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How To Prevent Melanoma Skin Cancer And Beat The Odds

cured melanoma skin cancer

 

When it comes to skin cancer, no one is safe. Though we think of it as a disease that primarily affects older adults, melanoma skin cancer can strike anyone at any age. In fact, according to recent data from the American Cancer Society, incidence rates of this particularly nasty form of skin cancer are soaring among young people. Consider these facts. The rate of melanoma diagnosis has more than doubled for women and almost tripled for men in the last 30 years, making it the fifth-most-common type of cancer for young adults (ages 20 to 39) and the second-most-common type of skin cancer for young men and women. And while there are many genetic factors related to risk, approximately 90 percent of all cases are triggered by ultraviolet rays from the sun or tanning beds. Here's what you need to know about how you can prevent melanoma skin cancer — and reduce your risk if you find yourself at high risk because of family history or other factors:

 

Melanoma skin cancer warning signs

Early detection is key when it comes to melanoma. Luckily, there are a few telltale signs that you should be on the lookout for if you are at high risk:

A change in the size, shape, or color of a mole - This is the most important sign. Moles are naturally irregular in shape, so if you notice that one mole has changed in color, size, or shape, it should be examined by a medical professional immediately.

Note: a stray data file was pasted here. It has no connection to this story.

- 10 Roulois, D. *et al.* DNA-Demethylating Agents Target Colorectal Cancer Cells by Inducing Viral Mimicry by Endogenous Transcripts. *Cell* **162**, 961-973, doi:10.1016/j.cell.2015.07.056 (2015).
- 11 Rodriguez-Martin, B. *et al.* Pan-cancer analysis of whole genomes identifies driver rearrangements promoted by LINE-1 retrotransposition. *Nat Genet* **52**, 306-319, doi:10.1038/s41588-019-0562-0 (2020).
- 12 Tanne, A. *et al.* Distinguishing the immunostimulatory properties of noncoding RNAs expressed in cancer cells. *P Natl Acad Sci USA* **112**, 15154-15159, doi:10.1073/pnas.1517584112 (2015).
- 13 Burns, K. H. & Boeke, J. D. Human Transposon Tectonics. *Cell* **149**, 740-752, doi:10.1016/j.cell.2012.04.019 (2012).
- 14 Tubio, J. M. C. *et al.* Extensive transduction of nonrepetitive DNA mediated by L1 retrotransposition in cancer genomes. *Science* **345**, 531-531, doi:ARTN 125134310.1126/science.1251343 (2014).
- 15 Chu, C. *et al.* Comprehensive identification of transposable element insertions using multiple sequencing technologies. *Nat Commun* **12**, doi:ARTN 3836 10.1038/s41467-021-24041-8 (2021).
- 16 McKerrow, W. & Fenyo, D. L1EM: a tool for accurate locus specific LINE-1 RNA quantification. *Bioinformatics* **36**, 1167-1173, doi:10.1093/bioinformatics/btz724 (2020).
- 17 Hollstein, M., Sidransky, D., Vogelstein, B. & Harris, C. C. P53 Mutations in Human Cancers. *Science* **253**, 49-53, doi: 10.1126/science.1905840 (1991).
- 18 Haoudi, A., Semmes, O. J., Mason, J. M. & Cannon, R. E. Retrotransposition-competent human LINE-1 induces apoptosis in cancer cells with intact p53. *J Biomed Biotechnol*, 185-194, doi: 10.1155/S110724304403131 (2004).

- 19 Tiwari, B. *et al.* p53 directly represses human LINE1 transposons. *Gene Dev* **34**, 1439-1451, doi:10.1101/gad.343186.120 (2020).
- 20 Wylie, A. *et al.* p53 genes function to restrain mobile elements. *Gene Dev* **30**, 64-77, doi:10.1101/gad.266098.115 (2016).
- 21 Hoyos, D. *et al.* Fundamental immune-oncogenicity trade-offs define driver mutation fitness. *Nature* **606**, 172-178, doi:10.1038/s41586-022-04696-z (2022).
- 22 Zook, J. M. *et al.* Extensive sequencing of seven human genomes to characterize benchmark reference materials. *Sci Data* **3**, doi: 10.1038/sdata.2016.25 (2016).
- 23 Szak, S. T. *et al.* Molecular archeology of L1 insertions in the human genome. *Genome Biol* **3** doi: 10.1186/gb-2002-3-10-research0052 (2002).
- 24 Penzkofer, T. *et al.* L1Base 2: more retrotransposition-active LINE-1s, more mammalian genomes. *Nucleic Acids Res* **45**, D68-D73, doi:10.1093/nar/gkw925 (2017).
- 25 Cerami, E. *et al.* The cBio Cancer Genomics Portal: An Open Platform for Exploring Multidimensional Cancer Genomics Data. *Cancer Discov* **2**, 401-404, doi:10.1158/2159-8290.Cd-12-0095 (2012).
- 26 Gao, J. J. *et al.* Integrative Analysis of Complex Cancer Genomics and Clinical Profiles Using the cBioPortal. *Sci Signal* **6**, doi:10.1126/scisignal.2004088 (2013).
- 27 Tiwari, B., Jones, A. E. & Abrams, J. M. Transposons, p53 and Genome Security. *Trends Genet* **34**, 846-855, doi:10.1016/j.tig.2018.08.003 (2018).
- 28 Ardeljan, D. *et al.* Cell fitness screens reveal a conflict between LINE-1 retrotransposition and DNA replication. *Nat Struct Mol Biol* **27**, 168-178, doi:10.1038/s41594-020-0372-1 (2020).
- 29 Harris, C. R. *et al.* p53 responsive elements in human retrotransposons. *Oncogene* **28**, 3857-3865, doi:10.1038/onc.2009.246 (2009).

A mole that itches, bleeds, or looks like it's spreading - You should also see a doctor about any mole that seems abnormal.

A new mole in an unusual place - New moles can also be a sign of melanoma. See a doctor if you notice a new mole that pops up in an area of your body where you don't have any moles.

 

Risk factors for developing melanoma skin cancer

There are certain risk factors that increase your likelihood of developing melanoma, including:

Skin color - People with fair skin are more likely to develop melanoma than those with darker skin types due to the fact that they produce less melanin. This pigment protects the skin from UV rays.

Age - Melanoma is most common in people between 40 and 60.

Sex - Men are more likely to develop melanoma than women.

Family history - If melanoma runs in your family, you're at a higher risk of developing the disease. The risk increases if both parents have melanoma.

Excessive sun exposure - Both naturally occurring and artificial UV rays are the number one cause of melanoma, so be sure to wear sunscreen and limit your time in the sun.

 

How to protect yourself from melanoma skin cancer

While it's important to know the risk factors for developing melanoma, it's even more important to take steps to protect yourself from the sun. Some ways to do this include:

Wear sunscreen - Make it a rule to always wear sunscreen when you're in the sun, even when it's cloudy outside. You can use a sunscreen designed for your face or a spray sunscreen designed for the whole body.

Wear protective clothing - It's not just your skin that needs protection from the sun. Make sure to wear a hat, long sleeves, and pants when you're outside to help shield your skin.

Use a UV-blocking window tint - If you don't want to completely change your outdoor lifestyle, you can use UV-blocking window tint to help reduce the number of UV rays coming into your house.

 

Check Your Moles And Know The Signs Of Change